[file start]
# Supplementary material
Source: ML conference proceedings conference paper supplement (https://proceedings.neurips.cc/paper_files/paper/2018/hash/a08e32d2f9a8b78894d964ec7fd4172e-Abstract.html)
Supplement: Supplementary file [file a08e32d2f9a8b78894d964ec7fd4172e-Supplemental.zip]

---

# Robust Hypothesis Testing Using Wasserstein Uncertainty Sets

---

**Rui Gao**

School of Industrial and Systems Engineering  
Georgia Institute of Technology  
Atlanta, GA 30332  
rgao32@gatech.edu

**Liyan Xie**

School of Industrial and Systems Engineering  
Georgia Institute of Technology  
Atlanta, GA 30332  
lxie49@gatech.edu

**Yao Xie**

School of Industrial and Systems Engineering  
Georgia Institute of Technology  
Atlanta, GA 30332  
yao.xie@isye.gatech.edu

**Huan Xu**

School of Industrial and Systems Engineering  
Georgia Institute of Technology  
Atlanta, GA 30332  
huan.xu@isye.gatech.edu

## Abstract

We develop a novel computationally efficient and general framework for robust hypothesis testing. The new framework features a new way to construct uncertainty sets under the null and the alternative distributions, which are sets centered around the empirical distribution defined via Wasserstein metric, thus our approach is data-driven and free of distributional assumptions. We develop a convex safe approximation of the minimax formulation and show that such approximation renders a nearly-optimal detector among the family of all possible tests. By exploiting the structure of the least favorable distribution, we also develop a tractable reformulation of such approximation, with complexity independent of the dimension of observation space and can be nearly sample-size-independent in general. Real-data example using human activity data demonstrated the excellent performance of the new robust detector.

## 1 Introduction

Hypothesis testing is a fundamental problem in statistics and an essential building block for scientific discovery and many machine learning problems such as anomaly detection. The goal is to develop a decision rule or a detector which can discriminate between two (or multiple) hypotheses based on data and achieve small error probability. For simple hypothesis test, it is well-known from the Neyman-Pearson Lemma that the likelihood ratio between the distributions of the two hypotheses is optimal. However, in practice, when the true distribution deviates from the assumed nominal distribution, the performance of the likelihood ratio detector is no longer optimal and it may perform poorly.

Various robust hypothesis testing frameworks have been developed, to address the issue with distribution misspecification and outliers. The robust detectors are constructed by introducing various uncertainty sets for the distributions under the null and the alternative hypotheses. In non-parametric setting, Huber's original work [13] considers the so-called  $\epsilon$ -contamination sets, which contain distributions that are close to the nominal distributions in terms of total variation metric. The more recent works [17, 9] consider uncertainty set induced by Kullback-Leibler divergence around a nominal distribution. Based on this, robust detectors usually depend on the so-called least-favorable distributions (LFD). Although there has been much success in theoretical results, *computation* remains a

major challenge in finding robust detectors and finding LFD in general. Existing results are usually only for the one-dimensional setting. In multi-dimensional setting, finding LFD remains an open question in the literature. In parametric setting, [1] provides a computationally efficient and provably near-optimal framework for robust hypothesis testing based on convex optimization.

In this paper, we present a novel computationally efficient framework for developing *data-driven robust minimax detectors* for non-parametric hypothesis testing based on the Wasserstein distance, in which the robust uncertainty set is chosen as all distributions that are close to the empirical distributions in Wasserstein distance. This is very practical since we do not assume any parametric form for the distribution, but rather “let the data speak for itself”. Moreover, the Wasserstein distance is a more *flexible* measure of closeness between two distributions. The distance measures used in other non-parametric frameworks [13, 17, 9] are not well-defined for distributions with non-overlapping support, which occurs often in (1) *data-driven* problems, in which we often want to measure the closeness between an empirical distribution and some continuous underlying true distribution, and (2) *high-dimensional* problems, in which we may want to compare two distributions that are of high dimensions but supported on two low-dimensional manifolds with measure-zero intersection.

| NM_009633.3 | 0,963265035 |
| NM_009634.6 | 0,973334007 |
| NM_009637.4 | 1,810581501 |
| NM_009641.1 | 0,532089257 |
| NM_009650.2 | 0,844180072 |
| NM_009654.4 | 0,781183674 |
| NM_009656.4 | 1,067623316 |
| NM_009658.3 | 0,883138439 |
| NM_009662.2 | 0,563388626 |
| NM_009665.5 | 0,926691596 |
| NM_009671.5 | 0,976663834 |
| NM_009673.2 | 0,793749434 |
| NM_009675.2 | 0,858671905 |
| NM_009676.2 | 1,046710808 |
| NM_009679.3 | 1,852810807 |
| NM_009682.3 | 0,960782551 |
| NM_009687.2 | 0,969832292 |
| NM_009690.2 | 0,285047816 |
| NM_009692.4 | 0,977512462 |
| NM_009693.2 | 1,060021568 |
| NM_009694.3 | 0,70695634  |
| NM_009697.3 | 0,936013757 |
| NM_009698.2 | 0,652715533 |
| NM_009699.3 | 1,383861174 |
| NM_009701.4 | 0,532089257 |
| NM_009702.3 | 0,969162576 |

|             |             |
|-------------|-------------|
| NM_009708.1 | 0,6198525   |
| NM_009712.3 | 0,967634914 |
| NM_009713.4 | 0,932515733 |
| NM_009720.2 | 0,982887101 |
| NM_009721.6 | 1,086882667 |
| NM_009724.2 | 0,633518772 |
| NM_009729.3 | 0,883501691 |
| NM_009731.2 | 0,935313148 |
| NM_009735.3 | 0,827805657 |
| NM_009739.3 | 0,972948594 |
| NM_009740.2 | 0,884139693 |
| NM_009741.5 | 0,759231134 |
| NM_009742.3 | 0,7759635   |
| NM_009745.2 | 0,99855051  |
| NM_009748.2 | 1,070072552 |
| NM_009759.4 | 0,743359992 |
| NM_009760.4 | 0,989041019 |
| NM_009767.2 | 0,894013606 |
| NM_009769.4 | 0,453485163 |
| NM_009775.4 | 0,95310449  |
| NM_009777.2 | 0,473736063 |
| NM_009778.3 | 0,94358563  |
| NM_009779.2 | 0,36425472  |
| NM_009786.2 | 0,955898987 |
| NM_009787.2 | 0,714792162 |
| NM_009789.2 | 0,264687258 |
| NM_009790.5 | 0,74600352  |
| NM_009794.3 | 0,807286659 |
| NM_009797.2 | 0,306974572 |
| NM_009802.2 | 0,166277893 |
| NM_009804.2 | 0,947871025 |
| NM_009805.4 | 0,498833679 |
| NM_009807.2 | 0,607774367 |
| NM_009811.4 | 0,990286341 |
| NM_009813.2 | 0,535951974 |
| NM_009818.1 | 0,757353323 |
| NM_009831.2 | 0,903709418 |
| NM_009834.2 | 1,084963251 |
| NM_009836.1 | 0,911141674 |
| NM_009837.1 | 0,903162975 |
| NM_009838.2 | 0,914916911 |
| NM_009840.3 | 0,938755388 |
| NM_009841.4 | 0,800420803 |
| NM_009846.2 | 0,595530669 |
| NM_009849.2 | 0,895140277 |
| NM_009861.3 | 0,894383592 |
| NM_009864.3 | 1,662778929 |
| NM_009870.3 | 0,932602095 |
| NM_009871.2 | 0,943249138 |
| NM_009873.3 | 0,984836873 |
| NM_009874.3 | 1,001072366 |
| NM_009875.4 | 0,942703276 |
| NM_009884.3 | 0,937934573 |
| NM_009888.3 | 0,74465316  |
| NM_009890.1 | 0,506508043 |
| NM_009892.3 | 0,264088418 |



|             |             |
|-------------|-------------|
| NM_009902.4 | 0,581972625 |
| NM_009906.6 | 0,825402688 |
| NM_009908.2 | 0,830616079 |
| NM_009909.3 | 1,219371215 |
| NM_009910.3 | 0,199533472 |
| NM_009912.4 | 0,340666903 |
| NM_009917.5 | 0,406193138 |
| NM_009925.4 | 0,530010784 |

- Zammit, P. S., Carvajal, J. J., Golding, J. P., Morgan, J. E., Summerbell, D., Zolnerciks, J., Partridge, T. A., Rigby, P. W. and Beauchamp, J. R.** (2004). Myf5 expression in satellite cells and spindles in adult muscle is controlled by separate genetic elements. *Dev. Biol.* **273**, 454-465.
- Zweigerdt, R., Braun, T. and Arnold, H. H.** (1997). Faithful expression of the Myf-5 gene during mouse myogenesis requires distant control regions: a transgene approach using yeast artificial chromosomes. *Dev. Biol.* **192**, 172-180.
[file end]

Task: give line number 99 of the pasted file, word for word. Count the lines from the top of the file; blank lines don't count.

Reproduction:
| NM_009834.2 | 1,084963251 |